The gens Fundania was a plebeian family at Ancient Rome, which first appears in history in the second half of the third century BC. Although members of this gens occur well into imperial times, and Gaius Fundanius Fundulus obtained the consulship in BC 243, the Fundanii were never amongst the more important families of the Roman state.

The gens Hirria was a minor Roman family, appearing in history during the final century of the Republic, and in Imperial times. It is chiefly remembered as the result of Gaius Hirrius, a farmer of lampreys in the time of Caesar.

The gens Luciena was a minor family at Rome. Members of this gens are first mentioned in the final century of the Republic.

Georg Goetz

Georg Goetz was a German classical philologist, known for his scholarly treatment of Plautus and Varro.

Antiquitates rerum humanarum et divinarum was one of the chief works of Marcus Terentius Varro . The work has been lost, but having been substantially quoted by Augustine in his De Civitate Dei its contents can be reconstructed in parts. To a lesser extent, quotes from the work have also been transmitted by other authors, including Pliny, Gellius, Censorinus, Servius, Nonius, Macrobius, Priscian.

Quintus Fulvius Lippinus, Fulvius Lippinus for short was an enterprising Roman farmer from the first century BC. He lived in the Roman region of Tarquinia, today's Italian Tuscany. His dealings are described in the Rerum rusticarum libri III by Marcus Terentius Varro, and a century later in Pliny the Elder's Naturalis Historia.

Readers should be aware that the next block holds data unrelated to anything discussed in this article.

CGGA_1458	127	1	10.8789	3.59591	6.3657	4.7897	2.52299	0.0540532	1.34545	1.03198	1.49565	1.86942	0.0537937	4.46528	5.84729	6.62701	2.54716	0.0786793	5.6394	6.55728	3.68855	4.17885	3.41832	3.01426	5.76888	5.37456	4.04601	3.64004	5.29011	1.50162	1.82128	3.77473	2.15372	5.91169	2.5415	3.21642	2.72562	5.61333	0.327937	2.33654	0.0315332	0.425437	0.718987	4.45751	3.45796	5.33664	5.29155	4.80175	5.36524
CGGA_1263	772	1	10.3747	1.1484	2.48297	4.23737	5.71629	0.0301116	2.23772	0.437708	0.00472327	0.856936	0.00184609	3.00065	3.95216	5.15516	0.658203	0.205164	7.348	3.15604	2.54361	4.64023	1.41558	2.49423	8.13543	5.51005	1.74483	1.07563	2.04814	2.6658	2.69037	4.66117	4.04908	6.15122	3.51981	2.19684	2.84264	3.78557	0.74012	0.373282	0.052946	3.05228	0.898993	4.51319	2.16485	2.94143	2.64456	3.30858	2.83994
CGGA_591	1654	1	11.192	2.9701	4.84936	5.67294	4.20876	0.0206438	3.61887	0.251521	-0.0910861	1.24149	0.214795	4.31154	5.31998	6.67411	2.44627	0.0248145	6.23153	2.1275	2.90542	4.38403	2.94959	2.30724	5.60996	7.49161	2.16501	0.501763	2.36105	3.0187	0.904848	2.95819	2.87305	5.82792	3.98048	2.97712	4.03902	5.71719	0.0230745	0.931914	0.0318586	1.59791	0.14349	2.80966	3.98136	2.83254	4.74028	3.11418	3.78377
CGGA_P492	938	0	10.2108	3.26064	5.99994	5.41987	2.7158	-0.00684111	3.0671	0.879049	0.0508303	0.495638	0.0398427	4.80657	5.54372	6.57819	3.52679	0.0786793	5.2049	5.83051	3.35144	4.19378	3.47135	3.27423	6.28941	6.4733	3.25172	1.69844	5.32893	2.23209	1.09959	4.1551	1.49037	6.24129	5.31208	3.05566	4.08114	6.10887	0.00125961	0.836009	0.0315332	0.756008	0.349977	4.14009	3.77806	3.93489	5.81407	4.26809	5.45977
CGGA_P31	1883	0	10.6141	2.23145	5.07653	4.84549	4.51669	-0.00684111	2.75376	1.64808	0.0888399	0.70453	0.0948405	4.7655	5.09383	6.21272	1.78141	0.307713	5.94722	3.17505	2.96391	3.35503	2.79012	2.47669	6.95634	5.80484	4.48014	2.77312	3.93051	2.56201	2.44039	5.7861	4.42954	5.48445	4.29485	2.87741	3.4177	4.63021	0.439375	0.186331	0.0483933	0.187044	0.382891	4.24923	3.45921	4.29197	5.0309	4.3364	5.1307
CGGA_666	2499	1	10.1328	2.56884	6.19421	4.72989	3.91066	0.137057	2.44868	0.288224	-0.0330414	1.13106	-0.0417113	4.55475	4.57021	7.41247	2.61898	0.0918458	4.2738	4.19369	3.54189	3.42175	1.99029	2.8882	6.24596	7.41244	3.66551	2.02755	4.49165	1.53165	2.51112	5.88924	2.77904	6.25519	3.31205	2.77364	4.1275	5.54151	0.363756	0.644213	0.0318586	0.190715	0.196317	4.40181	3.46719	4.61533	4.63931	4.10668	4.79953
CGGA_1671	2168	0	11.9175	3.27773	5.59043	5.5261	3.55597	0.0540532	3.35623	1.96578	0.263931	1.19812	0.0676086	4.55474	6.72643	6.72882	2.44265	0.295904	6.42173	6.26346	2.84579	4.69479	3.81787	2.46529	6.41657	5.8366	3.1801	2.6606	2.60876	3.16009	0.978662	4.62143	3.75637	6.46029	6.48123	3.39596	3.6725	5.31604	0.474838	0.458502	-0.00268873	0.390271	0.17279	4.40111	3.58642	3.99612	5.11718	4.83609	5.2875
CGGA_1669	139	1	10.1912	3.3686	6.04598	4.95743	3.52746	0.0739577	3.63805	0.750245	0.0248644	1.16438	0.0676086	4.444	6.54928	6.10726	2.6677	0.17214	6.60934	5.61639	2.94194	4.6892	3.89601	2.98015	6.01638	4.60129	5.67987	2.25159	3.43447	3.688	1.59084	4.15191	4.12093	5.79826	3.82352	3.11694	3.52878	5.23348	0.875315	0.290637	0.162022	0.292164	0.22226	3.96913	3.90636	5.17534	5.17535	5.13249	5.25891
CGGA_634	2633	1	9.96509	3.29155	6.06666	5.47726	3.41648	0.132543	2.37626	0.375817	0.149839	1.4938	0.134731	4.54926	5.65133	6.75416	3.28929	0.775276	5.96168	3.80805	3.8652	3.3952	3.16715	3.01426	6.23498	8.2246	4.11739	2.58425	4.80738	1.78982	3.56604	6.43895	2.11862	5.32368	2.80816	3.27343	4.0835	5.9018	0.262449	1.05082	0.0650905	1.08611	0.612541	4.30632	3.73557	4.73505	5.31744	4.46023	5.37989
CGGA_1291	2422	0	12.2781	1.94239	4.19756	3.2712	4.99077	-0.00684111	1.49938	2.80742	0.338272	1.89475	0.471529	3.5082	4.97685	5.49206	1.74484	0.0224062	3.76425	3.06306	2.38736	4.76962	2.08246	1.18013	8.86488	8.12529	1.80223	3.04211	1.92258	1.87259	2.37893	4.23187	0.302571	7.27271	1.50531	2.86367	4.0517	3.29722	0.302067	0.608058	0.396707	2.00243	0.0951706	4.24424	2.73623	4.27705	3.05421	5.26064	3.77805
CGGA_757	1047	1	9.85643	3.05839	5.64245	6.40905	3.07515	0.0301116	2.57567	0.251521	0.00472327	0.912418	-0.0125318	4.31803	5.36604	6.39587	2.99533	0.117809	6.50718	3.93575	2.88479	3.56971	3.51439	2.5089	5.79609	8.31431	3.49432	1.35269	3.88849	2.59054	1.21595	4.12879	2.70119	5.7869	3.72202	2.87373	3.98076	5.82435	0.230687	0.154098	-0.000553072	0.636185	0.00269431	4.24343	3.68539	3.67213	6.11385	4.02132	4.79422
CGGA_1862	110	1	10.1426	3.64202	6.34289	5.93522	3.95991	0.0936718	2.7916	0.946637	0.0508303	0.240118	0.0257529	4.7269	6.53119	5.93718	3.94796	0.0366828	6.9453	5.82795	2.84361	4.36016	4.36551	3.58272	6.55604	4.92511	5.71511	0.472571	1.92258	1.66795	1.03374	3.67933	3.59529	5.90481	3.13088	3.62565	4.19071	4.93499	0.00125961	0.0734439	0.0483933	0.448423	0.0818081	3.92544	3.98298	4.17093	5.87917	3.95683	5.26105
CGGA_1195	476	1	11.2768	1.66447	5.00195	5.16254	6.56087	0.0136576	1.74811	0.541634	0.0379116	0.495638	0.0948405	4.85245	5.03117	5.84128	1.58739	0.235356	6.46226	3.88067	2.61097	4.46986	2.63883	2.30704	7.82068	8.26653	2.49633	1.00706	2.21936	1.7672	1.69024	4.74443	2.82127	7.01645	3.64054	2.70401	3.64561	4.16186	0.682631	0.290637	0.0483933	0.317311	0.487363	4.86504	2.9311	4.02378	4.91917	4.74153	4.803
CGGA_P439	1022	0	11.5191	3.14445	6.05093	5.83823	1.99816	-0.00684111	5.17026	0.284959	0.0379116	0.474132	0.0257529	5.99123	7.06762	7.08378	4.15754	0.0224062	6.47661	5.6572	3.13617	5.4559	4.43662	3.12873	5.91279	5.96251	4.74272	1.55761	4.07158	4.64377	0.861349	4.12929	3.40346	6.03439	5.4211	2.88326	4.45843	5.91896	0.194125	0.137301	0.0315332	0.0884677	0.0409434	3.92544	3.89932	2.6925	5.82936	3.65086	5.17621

1. "Marcus Terentius Varro | Roman author". Encyclopedia Britannica. Retrieved 12 January 2017.
  2. "LacusCurtius • Varro On Agriculture – Book I". Retrieved 12 January 2017.
  3. 1 2 Baynes, Thomas Spencer (1891). The Encyclopaedia Britannica: A Dictionary of Arts, Sciences, and General Literature. C. Scribner's sons.
  4. Caesar; Damon, Cynthia (2016). Civil War. Harvard University Press. ISBN   978-0674997035.
  5. Prioreschi, Plinio (1996). A History of Medicine: Roman medicine. Horatius Press. ISBN   978-1888456035.
  6. 1 2 Lindberg, David (2007). The Beginnings of Western Science. Chicago: University of Chicago Press. p. 137. ISBN   978-0-226-48205-7 . Retrieved 6 March 2010.
  7. Flower, Harriet I., director de la publicación. (2014). The Cambridge companion to the Roman Republic. Cambridge University Press. p. 177. ISBN   978-1-107-66942-0. OCLC   904729745.CS1 maint: multiple names: authors list (link)
  8. Flower, Harriet I., director de la publicación. (2014). The Cambridge companion to the Roman Republic. Cambridge University Press. p. 193. ISBN   978-1-107-66942-0. OCLC   904729745.CS1 maint: multiple names: authors list (link)
  9. Quintilian. "Chapter 1". Institutio Oratoria. Book X. Verse 95.
  10. Plutarch. Life of Romulus. New York: Modern Library. p. 31.
  11. Harrison, Fairfax (1918). "Note Upon the Roman Agronomists". Roman Farm Management. New York: The Macmillan Company. pp. 1–14 [10].
  12. Varro, Marcus Terentius (2014) [1934]. De Re Rustica. Loeb Classical Library. I.12.2 via Bill Thayer's Website.
  13. Thompson, Sue (March 2014). "From Ground to Tap" (PDF). The Mole: 3 (sidebar). Archived from the original on 12 October 2014. Retrieved 21 August 2017.
  14. Hempelmann, Ernst; Krafts, Kristine (October 2013). "Bad Air, Amulets and Mosquitoes: 2,000 Years of Changing Perspectives on Malaria". Malaria Journal. 12: 232. doi:10.1186/1475-2875-12-232. ISSN   1475-2875. PMC   3723432 . PMID   23835014.
  15. "Marcus Terentius Varro | Roman author". Encyclopedia Britannica. Retrieved 4 January 2019.
  16. Wilmanns, Augustus (1864). "II:97". De M. Terenti Varronis Libris Grammaticis. Gutenberg . Berlin: Weidmann. Marcellus autem ad quem haec uolumina misit quis fuerit nescio.
  17. Several people called Marcellus lived during Varro's time. The identity of this one is unclear. [16]

Further reading